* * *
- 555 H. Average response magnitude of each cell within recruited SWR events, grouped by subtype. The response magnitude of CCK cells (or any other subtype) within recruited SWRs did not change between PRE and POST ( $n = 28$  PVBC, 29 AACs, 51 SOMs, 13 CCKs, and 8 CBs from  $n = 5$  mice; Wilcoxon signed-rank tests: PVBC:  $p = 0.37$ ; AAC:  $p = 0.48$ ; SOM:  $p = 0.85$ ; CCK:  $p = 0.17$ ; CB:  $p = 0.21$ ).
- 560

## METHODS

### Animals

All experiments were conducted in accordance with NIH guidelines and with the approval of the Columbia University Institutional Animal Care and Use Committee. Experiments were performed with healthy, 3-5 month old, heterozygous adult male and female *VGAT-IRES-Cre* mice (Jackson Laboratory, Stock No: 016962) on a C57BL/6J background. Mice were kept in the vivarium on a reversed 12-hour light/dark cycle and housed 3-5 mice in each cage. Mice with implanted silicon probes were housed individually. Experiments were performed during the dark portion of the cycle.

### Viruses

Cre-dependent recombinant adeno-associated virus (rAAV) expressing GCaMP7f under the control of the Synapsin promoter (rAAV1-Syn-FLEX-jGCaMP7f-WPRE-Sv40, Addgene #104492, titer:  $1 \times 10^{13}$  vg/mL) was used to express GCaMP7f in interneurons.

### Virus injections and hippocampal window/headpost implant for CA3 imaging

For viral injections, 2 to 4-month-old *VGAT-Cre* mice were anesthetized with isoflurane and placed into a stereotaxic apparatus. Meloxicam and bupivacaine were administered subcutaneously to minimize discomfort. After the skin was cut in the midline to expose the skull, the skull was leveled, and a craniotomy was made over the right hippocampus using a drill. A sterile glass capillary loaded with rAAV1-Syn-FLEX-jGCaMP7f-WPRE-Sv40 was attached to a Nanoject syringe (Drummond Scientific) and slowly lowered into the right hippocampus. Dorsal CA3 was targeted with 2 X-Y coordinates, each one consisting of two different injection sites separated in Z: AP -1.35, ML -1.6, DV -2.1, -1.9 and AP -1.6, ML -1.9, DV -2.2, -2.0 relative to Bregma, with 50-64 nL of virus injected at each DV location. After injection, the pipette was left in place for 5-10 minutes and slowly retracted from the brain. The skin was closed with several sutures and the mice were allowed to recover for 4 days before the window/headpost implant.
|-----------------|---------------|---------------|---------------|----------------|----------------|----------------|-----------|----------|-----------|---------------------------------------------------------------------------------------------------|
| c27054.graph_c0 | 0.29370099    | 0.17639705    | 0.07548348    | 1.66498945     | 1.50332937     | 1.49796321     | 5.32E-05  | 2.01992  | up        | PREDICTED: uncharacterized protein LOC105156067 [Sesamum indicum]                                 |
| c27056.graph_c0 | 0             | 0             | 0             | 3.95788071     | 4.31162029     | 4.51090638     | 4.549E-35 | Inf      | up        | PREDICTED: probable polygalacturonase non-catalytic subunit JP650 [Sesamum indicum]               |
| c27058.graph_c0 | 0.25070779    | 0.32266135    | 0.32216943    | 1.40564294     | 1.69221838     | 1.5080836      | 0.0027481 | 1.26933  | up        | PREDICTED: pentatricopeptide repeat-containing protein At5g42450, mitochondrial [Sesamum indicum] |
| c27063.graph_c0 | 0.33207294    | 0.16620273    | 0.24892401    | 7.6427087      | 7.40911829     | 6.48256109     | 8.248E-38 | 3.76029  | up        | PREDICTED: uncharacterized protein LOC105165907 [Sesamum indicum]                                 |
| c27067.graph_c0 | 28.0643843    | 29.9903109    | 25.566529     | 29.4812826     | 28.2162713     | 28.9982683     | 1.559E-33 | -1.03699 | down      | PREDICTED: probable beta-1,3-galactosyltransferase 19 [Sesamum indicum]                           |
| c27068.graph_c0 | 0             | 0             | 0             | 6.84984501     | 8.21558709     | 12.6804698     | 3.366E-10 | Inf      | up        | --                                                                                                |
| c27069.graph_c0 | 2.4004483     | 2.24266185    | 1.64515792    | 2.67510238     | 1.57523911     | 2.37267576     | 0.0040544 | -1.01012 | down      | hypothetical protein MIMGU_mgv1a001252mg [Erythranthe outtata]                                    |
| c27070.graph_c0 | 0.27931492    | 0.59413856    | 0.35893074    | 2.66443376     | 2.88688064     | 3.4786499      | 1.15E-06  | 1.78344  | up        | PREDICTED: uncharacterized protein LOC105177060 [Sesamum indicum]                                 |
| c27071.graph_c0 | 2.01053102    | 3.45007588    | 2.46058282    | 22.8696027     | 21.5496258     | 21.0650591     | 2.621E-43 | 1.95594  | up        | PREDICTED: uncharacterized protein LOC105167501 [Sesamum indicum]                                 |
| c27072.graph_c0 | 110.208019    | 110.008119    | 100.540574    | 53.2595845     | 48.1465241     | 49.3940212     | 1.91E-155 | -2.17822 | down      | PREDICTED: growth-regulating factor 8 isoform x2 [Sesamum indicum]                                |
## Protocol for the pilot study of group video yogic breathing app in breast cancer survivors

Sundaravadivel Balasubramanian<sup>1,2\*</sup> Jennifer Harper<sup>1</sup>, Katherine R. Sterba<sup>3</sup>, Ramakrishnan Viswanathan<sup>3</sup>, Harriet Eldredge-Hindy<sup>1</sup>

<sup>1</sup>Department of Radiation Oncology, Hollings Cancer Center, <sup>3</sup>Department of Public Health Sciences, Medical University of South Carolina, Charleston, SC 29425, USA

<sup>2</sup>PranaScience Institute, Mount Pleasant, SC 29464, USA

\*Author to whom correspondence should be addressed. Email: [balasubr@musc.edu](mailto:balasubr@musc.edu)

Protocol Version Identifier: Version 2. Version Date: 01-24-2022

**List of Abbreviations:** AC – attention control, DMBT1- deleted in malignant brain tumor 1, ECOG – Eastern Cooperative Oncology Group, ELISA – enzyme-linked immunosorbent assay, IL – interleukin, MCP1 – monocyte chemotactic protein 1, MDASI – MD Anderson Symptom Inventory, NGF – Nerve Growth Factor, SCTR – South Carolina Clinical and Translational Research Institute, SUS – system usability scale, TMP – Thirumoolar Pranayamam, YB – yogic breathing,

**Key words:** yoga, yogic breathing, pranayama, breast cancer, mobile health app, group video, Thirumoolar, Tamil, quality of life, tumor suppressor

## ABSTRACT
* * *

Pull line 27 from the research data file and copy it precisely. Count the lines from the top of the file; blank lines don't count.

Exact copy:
**List of Abbreviations:** AC – attention control, DMBT1- deleted in malignant brain tumor 1, ECOG – Eastern Cooperative Oncology Group, ELISA – enzyme-linked immunosorbent assay, IL – interleukin, MCP1 – monocyte chemotactic protein 1, MDASI – MD Anderson Symptom Inventory, NGF – Nerve Growth Factor, SCTR – South Carolina Clinical and Translational Research Institute, SUS – system usability scale, TMP – Thirumoolar Pranayamam, YB – yogic breathing,